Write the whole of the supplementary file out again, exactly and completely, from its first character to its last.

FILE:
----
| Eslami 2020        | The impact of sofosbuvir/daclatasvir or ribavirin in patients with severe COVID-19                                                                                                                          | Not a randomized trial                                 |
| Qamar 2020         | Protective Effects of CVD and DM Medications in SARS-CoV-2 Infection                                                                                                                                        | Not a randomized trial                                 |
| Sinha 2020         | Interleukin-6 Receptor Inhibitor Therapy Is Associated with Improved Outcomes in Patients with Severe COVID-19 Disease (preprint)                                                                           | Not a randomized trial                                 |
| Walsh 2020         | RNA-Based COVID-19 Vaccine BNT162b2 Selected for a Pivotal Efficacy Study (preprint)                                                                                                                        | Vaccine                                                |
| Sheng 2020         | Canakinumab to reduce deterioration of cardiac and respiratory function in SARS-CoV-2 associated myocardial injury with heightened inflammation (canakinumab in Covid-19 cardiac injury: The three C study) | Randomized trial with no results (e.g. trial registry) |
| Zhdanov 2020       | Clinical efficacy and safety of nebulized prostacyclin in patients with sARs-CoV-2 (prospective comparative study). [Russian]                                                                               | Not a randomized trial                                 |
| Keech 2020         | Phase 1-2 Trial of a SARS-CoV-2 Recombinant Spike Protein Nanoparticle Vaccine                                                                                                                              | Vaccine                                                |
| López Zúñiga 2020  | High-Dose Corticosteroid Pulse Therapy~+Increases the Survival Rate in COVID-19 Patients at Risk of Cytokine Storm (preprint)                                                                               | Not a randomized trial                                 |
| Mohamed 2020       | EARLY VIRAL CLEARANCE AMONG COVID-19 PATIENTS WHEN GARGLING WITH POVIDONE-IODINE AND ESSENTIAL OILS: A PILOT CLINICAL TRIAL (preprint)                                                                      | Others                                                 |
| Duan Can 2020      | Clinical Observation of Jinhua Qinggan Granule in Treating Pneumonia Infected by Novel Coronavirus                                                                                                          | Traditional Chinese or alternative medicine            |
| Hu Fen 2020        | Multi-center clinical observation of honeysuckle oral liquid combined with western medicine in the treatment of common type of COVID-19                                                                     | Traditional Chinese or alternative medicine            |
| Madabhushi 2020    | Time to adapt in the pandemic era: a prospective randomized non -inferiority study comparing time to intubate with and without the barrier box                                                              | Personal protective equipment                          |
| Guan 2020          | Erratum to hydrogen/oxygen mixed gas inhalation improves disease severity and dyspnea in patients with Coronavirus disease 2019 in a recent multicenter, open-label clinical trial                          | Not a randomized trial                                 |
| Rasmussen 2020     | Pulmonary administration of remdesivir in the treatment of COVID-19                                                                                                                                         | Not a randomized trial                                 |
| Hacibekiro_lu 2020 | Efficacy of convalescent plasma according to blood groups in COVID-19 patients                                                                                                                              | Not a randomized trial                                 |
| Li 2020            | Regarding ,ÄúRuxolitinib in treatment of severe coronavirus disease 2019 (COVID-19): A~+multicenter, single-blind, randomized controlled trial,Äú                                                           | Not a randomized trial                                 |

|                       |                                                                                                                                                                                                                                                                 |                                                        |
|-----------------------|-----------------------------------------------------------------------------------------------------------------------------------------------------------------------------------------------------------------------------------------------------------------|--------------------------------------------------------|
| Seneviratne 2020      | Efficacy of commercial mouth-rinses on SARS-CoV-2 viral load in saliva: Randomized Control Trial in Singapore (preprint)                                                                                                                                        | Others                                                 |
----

| Eslami 2020        | The impact of sofosbuvir/daclatasvir or ribavirin in patients with severe COVID-19                                                                                                                          | Not a randomized trial                                 |
| Qamar 2020         | Protective Effects of CVD and DM Medications in SARS-CoV-2 Infection                                                                                                                                        | Not a randomized trial                                 |
| Sinha 2020         | Interleukin-6 Receptor Inhibitor Therapy Is Associated with Improved Outcomes in Patients with Severe COVID-19 Disease (preprint)                                                                           | Not a randomized trial                                 |
| Walsh 2020         | RNA-Based COVID-19 Vaccine BNT162b2 Selected for a Pivotal Efficacy Study (preprint)                                                                                                                        | Vaccine                                                |
| Sheng 2020         | Canakinumab to reduce deterioration of cardiac and respiratory function in SARS-CoV-2 associated myocardial injury with heightened inflammation (canakinumab in Covid-19 cardiac injury: The three C study) | Randomized trial with no results (e.g. trial registry) |
| Zhdanov 2020       | Clinical efficacy and safety of nebulized prostacyclin in patients with sARs-CoV-2 (prospective comparative study). [Russian]                                                                               | Not a randomized trial                                 |
| Keech 2020         | Phase 1-2 Trial of a SARS-CoV-2 Recombinant Spike Protein Nanoparticle Vaccine                                                                                                                              | Vaccine                                                |
| López Zúñiga 2020  | High-Dose Corticosteroid Pulse Therapy~+Increases the Survival Rate in COVID-19 Patients at Risk of Cytokine Storm (preprint)                                                                               | Not a randomized trial                                 |
| Mohamed 2020       | EARLY VIRAL CLEARANCE AMONG COVID-19 PATIENTS WHEN GARGLING WITH POVIDONE-IODINE AND ESSENTIAL OILS: A PILOT CLINICAL TRIAL (preprint)                                                                      | Others                                                 |
| Duan Can 2020      | Clinical Observation of Jinhua Qinggan Granule in Treating Pneumonia Infected by Novel Coronavirus                                                                                                          | Traditional Chinese or alternative medicine            |
| Hu Fen 2020        | Multi-center clinical observation of honeysuckle oral liquid combined with western medicine in the treatment of common type of COVID-19                                                                     | Traditional Chinese or alternative medicine            |
| Madabhushi 2020    | Time to adapt in the pandemic era: a prospective randomized non -inferiority study comparing time to intubate with and without the barrier box                                                              | Personal protective equipment                          |
| Guan 2020          | Erratum to hydrogen/oxygen mixed gas inhalation improves disease severity and dyspnea in patients with Coronavirus disease 2019 in a recent multicenter, open-label clinical trial                          | Not a randomized trial                                 |
| Rasmussen 2020     | Pulmonary administration of remdesivir in the treatment of COVID-19                                                                                                                                         | Not a randomized trial                                 |
| Hacibekiro_lu 2020 | Efficacy of convalescent plasma according to blood groups in COVID-19 patients                                                                                                                              | Not a randomized trial                                 |
| Li 2020            | Regarding ,ÄúRuxolitinib in treatment of severe coronavirus disease 2019 (COVID-19): A~+multicenter, single-blind, randomized controlled trial,Äú                                                           | Not a randomized trial                                 |

|                       |                                                                                                                                                                                                                                                                 |                                                        |
|-----------------------|-----------------------------------------------------------------------------------------------------------------------------------------------------------------------------------------------------------------------------------------------------------------|--------------------------------------------------------|
| Seneviratne 2020      | Efficacy of commercial mouth-rinses on SARS-CoV-2 viral load in saliva: Randomized Control Trial in Singapore (preprint)                                                                                                                                        | Others                                                 |